CHJ holds an annual Purim party, held right after Sunday School, with a Hamantaschen Bake-Off. Prizes are awarded for best taste, most attractive, and most creative hamantaschen. The holiday’s name, “Purim,” meaning “lots” or “dice,” is meant to remind us of how the evil character Haman drew lots to determine the fate of the Jews of Persia. According to the Book of Esther, were it not for the goodness and intervention of Queen Esther and her uncle Mordecai in the court of Esther’s gentile husband, King Ahasuerus, the Jews certainly would have been exterminated by the king’s vizier Haman.
Purim became the joyous celebration of an epic Jewish victory over anti-Semitism and threatened annihilation – an enactment of the hopes of persecuted Jews throughout the centuries.
During the telling of the story, the heroes are cheered and the villain, Haman, is booed and his name is drowned out by the sound of noise-makers or gragers.
Purim is a story that became popular to a people in exile. It is part of the long tradition of Jews absorbing parts of their surrounding culture, yet remaining a people apart.
It celebrates the common Jewish dream of the triumph of clever wit over crude brutality. It has a heroine who is very adaptable, but with a hard core of loyalty to her identity as a Jew and to her fellow Jews in a time of trouble. Esther risked her life to assert her right, and the right of her people, to be Jewish in whatever way they chose.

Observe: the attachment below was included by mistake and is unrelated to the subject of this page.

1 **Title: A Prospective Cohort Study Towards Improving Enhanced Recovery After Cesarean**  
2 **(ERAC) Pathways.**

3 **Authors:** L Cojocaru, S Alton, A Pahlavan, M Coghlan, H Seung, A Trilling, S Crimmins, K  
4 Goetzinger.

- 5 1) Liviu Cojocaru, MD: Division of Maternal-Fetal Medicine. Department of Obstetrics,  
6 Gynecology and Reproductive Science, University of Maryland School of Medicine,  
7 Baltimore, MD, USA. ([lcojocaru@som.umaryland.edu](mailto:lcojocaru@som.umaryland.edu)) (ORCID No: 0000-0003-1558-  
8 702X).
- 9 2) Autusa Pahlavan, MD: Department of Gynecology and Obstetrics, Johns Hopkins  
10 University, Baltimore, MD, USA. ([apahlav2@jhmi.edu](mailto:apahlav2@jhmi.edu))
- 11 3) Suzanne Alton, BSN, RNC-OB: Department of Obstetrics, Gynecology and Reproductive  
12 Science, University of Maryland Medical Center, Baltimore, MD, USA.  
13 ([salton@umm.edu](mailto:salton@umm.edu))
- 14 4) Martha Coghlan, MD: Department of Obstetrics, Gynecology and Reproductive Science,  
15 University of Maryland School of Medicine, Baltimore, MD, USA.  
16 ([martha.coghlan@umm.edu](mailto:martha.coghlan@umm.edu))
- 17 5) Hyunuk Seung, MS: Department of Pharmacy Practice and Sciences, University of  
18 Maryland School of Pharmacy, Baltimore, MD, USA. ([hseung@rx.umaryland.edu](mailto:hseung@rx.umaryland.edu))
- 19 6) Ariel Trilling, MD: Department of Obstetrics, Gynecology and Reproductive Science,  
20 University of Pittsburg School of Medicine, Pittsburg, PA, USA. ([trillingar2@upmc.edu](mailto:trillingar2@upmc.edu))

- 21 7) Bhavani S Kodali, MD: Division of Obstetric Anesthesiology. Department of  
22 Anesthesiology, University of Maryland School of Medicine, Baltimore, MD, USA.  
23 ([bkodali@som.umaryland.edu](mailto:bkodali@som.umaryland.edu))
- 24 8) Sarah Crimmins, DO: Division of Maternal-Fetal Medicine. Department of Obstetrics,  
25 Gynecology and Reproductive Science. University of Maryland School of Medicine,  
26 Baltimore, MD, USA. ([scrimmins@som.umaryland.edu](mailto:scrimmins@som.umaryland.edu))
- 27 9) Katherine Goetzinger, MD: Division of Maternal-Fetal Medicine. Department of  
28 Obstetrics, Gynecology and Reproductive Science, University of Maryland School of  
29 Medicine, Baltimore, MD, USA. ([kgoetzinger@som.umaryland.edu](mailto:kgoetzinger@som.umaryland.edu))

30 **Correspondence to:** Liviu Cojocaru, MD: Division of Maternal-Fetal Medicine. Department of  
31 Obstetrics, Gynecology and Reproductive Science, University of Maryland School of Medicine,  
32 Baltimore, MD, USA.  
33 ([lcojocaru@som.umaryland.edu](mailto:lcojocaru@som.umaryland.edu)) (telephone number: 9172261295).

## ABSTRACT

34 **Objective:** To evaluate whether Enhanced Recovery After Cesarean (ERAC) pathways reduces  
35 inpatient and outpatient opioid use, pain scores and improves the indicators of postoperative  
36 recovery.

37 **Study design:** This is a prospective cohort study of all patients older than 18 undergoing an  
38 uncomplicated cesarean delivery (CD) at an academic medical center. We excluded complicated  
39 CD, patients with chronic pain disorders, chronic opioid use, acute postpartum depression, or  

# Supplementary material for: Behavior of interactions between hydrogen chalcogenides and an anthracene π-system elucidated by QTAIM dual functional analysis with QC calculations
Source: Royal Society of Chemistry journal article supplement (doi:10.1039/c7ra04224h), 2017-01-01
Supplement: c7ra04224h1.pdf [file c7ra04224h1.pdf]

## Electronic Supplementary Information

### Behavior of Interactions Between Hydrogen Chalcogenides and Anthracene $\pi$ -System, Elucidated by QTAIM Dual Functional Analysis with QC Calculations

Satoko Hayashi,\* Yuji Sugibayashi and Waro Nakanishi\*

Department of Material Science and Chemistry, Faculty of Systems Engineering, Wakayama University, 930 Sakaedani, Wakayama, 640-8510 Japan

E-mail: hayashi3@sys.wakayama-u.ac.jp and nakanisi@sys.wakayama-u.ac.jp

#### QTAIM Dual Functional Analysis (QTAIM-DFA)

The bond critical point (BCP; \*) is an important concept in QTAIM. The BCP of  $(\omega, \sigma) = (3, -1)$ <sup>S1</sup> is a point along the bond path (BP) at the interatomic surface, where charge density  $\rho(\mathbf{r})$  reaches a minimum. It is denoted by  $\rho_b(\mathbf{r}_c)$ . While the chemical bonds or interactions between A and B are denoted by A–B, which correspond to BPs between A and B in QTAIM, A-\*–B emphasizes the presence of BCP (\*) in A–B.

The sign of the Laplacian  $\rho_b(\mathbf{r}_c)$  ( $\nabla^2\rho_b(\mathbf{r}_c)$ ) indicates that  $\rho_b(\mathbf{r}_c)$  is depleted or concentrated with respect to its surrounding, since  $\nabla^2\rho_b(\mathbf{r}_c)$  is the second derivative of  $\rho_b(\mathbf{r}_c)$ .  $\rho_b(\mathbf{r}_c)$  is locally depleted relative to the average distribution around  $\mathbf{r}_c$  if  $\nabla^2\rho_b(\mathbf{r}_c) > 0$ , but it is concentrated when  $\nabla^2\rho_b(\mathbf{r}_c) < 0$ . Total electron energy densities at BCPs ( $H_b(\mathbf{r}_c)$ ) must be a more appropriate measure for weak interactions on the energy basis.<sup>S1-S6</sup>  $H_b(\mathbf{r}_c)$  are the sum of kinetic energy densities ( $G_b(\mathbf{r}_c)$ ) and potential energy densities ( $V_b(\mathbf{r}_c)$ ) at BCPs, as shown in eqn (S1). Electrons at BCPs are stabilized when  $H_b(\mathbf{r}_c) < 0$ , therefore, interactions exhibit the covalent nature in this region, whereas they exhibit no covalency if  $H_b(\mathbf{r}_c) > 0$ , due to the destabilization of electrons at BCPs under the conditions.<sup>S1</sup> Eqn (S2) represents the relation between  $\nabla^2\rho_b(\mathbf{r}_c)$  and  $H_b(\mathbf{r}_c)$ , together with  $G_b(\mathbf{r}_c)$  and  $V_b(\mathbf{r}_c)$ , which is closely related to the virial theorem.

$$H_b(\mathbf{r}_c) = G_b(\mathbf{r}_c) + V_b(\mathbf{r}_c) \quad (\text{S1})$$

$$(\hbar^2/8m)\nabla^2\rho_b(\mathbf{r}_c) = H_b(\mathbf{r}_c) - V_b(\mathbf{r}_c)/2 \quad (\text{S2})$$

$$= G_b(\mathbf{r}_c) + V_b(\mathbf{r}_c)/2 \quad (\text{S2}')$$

Human initiative is the theme throughout the story and there is no mention at all of the Jewish God. The story also features Esther’s mixed marriage, in the long Jewish tradition of people like Moses and his Cushite wife, who was probably Ethiopian or Sudanese. Esther did not feel t
hat she was compromising her Jewish identity by marrying the Persian king. And she did not fail to assert that identity when the crisis in the story came. Purim can be seen as a celebration of Jewish solidarity in a time of danger, but also as one of reaching out to someone of a different background.